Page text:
Commercial operations to depart Canoe Beach
Commercial thrillcraft operators have agreed to relocate their businesses farther away from the popular Hanakao’o (Canoe) Beach Park in light of community concerns about safety, especially during regatta season.
“That area’s heavily used by canoe paddling folks,” said Ed Underwood, administrator of the state Division of Boating and Ocean Recreation. “Commercial operators have agreed to move down a little bit, and now that area is going to be open to more recreational activities.”
Swim buoys will be relocated “further out to sea in order to encompass the entire outrigger canoe regatta area,” according to a notice from the state Department of Land and Natural Resources last month. Additionally, the current thrillcraft and parasail operators agreed to relocate their businesses away from Hanakao’o Beach Park prior to their upcoming season, which begins Friday.
Theo “Ted” King, who has offered personal watercraft rentals offshore fronting Hanakao’o Beach Park in Kaanapali for more than three decades, said he’s “all in favor of this.”
“If we can move a thousand feet further north and give more breathing room for the canoe clubs, then why not do it?” said King, owner of Pacific Jet Sports Inc. “It’s not going to affect our demand, customers won’t even know the difference. It’s a win-win situation.”
King said that he plans to move his offshore barge north between the Hyatt Regency Maui Resort & Spa and Marriott’s Maui Ocean Club. He also will instruct guests to ride out toward the open sea and away from the shoreline.
During the busy summer months of June, July and August, King said, an employee will be on a personal watercraft monitoring customers at all times. A GPS device will be installed on every watercraft to track them so that every time a ride exits the designated area, an alarm will go off to notify the instructor.
“It is our goal to run a safe operation and be a business, which can be enjoyed and appreciated by all,” King wrote in an email “To the Paddling Ohana and Peoples of Maui.”
The news brings “a happy ending” to a three-year struggle by Patricia “Aunty Patty” Nishiyama, who has been asking governing officials to make the area safer since William Kalanikai “Uncle Billy” Gonzales was struck and killed by a recreational motorboat in 2011. He was preparing regatta lanes for high school paddling crews to practice on.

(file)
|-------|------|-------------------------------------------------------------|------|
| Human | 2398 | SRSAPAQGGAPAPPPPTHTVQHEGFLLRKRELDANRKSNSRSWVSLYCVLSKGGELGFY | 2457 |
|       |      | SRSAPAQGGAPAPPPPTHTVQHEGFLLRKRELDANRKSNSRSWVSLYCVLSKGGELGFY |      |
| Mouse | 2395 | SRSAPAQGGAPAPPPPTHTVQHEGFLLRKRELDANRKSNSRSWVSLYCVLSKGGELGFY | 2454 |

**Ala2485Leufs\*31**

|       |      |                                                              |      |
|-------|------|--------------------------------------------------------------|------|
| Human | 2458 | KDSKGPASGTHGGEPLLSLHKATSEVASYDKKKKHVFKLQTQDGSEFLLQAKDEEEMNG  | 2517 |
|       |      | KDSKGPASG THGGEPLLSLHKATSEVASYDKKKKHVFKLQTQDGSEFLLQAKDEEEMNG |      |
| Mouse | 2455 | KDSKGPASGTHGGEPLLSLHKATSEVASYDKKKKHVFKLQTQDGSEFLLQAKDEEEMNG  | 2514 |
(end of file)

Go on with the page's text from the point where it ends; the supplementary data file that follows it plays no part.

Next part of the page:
“When we have regatta state races, can you imagine how busy that place is?” Nishiyama said. “My mo’opuna (grandchildren), my nieces and nephews are there.”
“We had to make it more safe. . . . If there was another accident, we would never forgive ourselves,” the lifelong Lahaina resident said.
Nishiyama, who leads community group Na Kupuna O Maui, wrote several letters to legislators, the mayor and the governor – many of which were published in local media – advocating for “safer waters in West Maui.”
She said that she and other kupuna were thankful when King reached out to them a few months ago in moving the community toward a workable solution.
“He (King) took me down to the Hyatt and told me, ‘Aunty, I’m moving my business down here,’ ” Nishiyama recalled. “I was crying, ‘Is this for real?’
“We are so pleased that Mr. King has humbled himself to move over. Kupuna will always have him in our prayers,” she said.
It took the cooperation of King, as well as two parasail operators who agreed to embark and disembark their passengers from an alternative access area located in front of the Hyatt, to reserve Hanakao’o Beach Park for recreational use only.
“As it stands now, no commercial activities will be occurring on Canoe Beach, and the area is open to swimming and canoe paddling,” DLNR officials said.
When asked whether a new business would be able to begin commercial operations at the beach in the future, Underwood said they would need to first obtain a permit from the state department, “and we probably wouldn’t issue it.”
“It feels really good, now we can go to Canoe Beach and not listen to all the Jet Ski sounds and enjoy ourselves,” Nishiyama said, adding that family members have in the past scattered the ashes of their kupuna in the same waters that personal watercraft used to charge through.
“We (kupuna) are very pleased with the outcome. . . . We feel now that Uncle Billy can rest in peace.”
* Eileen Chao can be reached at email@example.com.